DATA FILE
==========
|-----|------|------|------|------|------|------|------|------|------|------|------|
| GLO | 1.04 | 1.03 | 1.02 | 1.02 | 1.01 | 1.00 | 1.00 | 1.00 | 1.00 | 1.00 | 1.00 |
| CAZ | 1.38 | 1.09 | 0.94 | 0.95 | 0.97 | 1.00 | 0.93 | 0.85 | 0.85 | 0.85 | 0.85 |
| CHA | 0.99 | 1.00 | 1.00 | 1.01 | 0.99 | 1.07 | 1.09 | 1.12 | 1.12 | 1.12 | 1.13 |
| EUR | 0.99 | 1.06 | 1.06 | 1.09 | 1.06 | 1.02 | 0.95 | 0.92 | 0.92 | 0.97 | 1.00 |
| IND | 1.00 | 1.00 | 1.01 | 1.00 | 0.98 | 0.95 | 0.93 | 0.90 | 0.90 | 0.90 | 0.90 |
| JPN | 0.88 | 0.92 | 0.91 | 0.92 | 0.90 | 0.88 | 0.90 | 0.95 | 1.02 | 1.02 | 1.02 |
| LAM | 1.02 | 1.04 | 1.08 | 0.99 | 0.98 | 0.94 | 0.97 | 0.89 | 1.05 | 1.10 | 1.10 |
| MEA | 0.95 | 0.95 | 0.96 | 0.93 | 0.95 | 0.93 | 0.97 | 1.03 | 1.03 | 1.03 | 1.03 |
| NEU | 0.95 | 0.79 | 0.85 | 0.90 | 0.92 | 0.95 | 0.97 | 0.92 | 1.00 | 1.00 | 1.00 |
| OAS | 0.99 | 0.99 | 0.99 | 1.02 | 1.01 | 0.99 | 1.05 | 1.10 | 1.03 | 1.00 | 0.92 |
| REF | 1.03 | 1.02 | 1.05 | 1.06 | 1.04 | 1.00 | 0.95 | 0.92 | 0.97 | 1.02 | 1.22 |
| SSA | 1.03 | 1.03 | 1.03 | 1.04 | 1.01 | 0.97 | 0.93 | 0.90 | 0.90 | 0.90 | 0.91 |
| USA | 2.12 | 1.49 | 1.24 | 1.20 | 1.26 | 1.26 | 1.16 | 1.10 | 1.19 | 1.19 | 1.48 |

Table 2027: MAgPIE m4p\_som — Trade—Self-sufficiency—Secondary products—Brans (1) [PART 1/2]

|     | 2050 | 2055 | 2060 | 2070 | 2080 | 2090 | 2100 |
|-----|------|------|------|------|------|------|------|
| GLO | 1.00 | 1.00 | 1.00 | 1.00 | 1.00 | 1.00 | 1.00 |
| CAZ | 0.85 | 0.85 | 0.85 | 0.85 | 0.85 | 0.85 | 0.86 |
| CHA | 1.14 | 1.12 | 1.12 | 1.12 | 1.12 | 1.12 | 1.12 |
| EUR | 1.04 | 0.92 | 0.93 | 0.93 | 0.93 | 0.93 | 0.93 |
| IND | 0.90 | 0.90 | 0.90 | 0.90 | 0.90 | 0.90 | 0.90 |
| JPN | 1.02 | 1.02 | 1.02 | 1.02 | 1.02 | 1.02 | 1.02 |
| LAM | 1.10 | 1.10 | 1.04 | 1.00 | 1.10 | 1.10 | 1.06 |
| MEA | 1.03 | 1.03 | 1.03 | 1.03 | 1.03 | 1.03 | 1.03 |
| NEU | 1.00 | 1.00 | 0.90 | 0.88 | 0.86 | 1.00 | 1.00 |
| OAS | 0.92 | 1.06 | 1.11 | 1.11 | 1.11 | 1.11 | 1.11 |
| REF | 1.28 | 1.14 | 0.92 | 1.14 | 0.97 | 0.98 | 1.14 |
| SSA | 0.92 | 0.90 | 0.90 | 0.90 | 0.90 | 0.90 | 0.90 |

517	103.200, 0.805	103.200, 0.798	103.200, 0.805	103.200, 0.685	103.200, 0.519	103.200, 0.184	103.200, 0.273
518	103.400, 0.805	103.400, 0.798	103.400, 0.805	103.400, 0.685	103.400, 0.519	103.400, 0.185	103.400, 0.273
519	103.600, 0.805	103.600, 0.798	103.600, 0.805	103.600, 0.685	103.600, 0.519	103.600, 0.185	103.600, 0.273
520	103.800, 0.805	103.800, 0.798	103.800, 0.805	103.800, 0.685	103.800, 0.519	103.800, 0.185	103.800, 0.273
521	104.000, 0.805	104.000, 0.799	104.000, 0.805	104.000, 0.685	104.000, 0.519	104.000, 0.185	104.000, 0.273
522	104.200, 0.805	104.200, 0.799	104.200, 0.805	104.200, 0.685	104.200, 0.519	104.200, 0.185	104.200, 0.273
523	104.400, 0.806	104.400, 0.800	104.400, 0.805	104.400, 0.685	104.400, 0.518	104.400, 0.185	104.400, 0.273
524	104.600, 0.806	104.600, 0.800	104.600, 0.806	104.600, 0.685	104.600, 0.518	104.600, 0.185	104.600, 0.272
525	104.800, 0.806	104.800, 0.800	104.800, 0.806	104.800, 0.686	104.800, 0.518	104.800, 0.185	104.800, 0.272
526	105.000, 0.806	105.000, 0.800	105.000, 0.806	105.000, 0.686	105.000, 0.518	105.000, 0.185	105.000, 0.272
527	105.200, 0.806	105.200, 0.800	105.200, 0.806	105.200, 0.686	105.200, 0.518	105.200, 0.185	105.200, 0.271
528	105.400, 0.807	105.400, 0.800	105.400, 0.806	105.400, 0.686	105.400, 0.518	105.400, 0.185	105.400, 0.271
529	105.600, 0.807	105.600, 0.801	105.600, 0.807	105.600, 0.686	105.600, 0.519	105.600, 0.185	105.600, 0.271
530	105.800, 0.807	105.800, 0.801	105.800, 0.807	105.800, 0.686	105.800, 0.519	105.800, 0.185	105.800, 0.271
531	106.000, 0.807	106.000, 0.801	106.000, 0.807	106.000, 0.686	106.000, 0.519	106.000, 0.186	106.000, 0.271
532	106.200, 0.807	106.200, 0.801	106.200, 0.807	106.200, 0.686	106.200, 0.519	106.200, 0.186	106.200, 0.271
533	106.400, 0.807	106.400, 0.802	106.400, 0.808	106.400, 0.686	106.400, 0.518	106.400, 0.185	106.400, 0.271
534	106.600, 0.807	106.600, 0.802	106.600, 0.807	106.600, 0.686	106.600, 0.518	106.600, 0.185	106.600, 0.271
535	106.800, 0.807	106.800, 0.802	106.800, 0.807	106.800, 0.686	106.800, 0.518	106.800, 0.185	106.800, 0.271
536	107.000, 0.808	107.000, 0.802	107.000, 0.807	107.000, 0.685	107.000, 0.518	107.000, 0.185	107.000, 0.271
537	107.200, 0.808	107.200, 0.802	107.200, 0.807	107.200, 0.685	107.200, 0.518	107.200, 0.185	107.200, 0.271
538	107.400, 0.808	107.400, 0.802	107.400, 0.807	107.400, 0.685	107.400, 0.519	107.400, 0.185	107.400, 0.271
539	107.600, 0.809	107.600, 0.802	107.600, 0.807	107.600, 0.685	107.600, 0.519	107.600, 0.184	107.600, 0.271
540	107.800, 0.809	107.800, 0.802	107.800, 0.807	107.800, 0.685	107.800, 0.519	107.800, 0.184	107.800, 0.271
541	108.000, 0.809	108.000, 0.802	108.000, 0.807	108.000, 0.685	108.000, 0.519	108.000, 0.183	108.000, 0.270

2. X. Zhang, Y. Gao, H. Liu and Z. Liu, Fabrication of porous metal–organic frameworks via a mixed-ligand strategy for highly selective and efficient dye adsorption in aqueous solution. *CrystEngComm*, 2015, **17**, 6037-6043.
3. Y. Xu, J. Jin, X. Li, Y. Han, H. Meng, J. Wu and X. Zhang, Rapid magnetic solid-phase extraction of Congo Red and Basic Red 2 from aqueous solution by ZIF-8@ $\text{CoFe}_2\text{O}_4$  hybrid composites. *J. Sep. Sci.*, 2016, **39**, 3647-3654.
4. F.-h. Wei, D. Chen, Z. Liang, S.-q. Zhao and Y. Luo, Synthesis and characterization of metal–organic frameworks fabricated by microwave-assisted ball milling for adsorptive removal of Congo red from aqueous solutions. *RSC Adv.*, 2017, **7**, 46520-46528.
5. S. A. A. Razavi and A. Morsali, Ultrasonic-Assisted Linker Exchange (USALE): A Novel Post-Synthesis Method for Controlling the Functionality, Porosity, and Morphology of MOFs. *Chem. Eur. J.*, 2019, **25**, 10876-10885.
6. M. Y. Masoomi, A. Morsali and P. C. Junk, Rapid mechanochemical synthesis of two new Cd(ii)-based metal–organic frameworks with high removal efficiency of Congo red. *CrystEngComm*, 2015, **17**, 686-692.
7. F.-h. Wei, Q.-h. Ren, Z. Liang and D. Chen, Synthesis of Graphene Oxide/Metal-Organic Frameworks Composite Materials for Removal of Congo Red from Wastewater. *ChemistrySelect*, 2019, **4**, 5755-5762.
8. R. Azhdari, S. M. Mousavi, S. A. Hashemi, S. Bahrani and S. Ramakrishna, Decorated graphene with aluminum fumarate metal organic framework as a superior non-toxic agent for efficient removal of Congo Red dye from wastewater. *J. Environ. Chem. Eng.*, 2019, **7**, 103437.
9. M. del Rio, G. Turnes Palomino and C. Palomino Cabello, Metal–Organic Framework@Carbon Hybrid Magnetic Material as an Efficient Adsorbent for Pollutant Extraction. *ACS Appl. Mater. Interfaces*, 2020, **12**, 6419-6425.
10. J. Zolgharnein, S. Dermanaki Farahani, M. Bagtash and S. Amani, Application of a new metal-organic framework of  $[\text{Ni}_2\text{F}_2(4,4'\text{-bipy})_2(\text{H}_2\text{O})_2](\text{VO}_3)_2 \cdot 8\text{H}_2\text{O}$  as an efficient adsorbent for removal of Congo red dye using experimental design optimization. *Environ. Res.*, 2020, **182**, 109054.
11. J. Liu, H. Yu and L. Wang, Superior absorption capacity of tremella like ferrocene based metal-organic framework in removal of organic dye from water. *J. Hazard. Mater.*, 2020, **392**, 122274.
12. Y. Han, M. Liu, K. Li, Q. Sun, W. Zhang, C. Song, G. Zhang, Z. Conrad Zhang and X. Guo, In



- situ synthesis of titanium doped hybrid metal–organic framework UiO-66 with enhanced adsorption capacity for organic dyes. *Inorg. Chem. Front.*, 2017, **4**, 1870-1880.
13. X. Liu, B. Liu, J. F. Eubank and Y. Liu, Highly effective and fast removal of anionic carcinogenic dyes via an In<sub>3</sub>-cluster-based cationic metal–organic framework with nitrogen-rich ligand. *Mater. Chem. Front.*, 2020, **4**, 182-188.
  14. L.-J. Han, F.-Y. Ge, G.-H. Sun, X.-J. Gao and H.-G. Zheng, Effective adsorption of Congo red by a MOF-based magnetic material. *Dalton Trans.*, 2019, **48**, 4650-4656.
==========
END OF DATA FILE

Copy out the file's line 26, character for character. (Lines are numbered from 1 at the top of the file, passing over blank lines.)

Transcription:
| NEU | 1.00 | 1.00 | 0.90 | 0.88 | 0.86 | 1.00 | 1.00 |